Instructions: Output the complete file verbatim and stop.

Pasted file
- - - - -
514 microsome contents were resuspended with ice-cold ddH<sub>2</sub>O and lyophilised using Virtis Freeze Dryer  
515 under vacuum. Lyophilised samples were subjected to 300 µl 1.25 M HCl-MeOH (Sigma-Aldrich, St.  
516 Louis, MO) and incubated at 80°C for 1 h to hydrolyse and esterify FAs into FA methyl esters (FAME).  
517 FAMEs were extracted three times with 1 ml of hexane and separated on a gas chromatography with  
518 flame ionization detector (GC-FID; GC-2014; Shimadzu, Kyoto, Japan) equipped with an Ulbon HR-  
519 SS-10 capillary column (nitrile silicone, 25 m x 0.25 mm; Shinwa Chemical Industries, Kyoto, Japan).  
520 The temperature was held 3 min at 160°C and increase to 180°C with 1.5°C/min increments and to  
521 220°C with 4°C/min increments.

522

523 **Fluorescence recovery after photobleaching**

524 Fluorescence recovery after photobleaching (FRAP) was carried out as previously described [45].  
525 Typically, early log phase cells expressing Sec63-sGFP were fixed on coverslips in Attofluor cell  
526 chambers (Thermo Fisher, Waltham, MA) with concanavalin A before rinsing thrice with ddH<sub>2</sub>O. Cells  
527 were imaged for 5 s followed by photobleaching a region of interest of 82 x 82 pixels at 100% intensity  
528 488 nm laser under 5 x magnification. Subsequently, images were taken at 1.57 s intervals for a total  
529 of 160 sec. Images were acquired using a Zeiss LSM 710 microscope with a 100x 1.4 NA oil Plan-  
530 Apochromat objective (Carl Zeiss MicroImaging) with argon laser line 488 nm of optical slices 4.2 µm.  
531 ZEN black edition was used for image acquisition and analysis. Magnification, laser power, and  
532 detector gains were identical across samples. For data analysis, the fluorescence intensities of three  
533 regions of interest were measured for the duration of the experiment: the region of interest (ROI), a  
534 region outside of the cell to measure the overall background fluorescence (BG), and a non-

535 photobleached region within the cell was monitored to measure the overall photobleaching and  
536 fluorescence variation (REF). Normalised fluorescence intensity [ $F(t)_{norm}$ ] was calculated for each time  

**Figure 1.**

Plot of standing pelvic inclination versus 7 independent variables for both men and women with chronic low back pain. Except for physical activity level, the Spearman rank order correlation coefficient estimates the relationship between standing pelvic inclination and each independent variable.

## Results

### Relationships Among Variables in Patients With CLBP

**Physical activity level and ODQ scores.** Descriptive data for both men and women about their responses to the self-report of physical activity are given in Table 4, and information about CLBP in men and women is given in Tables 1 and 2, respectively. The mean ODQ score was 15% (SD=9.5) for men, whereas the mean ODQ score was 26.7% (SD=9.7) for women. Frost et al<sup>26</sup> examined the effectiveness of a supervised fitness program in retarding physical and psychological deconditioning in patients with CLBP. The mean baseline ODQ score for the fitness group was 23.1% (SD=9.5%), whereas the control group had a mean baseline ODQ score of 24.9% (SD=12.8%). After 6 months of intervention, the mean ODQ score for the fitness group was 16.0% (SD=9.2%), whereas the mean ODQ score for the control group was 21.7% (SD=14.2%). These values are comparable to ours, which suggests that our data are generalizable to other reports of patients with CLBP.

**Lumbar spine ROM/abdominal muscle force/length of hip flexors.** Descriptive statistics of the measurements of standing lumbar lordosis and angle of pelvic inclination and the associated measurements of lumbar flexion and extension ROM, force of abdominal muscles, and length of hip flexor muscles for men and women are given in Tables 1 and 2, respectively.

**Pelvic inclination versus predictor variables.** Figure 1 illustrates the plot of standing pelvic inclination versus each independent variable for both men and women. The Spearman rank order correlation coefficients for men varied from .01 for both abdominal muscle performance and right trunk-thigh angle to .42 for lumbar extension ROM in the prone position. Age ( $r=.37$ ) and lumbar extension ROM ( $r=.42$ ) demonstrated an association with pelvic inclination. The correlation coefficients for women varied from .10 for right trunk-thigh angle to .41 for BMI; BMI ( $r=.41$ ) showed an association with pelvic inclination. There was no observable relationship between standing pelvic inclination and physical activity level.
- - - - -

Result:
514 microsome contents were resuspended with ice-cold ddH<sub>2</sub>O and lyophilised using Virtis Freeze Dryer  
515 under vacuum. Lyophilised samples were subjected to 300 µl 1.25 M HCl-MeOH (Sigma-Aldrich, St.  
516 Louis, MO) and incubated at 80°C for 1 h to hydrolyse and esterify FAs into FA methyl esters (FAME).  
517 FAMEs were extracted three times with 1 ml of hexane and separated on a gas chromatography with  
518 flame ionization detector (GC-FID; GC-2014; Shimadzu, Kyoto, Japan) equipped with an Ulbon HR-  
519 SS-10 capillary column (nitrile silicone, 25 m x 0.25 mm; Shinwa Chemical Industries, Kyoto, Japan).  
520 The temperature was held 3 min at 160°C and increase to 180°C with 1.5°C/min increments and to  
521 220°C with 4°C/min increments.

522

523 **Fluorescence recovery after photobleaching**

524 Fluorescence recovery after photobleaching (FRAP) was carried out as previously described [45].  
525 Typically, early log phase cells expressing Sec63-sGFP were fixed on coverslips in Attofluor cell  
526 chambers (Thermo Fisher, Waltham, MA) with concanavalin A before rinsing thrice with ddH<sub>2</sub>O. Cells  
527 were imaged for 5 s followed by photobleaching a region of interest of 82 x 82 pixels at 100% intensity  
528 488 nm laser under 5 x magnification. Subsequently, images were taken at 1.57 s intervals for a total  
529 of 160 sec. Images were acquired using a Zeiss LSM 710 microscope with a 100x 1.4 NA oil Plan-  
530 Apochromat objective (Carl Zeiss MicroImaging) with argon laser line 488 nm of optical slices 4.2 µm.  
531 ZEN black edition was used for image acquisition and analysis. Magnification, laser power, and  
532 detector gains were identical across samples. For data analysis, the fluorescence intensities of three  
533 regions of interest were measured for the duration of the experiment: the region of interest (ROI), a  
534 region outside of the cell to measure the overall background fluorescence (BG), and a non-

535 photobleached region within the cell was monitored to measure the overall photobleaching and  
536 fluorescence variation (REF). Normalised fluorescence intensity [ $F(t)_{norm}$ ] was calculated for each time  

**Figure 1.**

Plot of standing pelvic inclination versus 7 independent variables for both men and women with chronic low back pain. Except for physical activity level, the Spearman rank order correlation coefficient estimates the relationship between standing pelvic inclination and each independent variable.

## Results

### Relationships Among Variables in Patients With CLBP

**Physical activity level and ODQ scores.** Descriptive data for both men and women about their responses to the self-report of physical activity are given in Table 4, and information about CLBP in men and women is given in Tables 1 and 2, respectively. The mean ODQ score was 15% (SD=9.5) for men, whereas the mean ODQ score was 26.7% (SD=9.7) for women. Frost et al<sup>26</sup> examined the effectiveness of a supervised fitness program in retarding physical and psychological deconditioning in patients with CLBP. The mean baseline ODQ score for the fitness group was 23.1% (SD=9.5%), whereas the control group had a mean baseline ODQ score of 24.9% (SD=12.8%). After 6 months of intervention, the mean ODQ score for the fitness group was 16.0% (SD=9.2%), whereas the mean ODQ score for the control group was 21.7% (SD=14.2%). These values are comparable to ours, which suggests that our data are generalizable to other reports of patients with CLBP.

**Lumbar spine ROM/abdominal muscle force/length of hip flexors.** Descriptive statistics of the measurements of standing lumbar lordosis and angle of pelvic inclination and the associated measurements of lumbar flexion and extension ROM, force of abdominal muscles, and length of hip flexor muscles for men and women are given in Tables 1 and 2, respectively.

**Pelvic inclination versus predictor variables.** Figure 1 illustrates the plot of standing pelvic inclination versus each independent variable for both men and women. The Spearman rank order correlation coefficients for men varied from .01 for both abdominal muscle performance and right trunk-thigh angle to .42 for lumbar extension ROM in the prone position. Age ( $r=.37$ ) and lumbar extension ROM ( $r=.42$ ) demonstrated an association with pelvic inclination. The correlation coefficients for women varied from .10 for right trunk-thigh angle to .41 for BMI; BMI ( $r=.41$ ) showed an association with pelvic inclination. There was no observable relationship between standing pelvic inclination and physical activity level.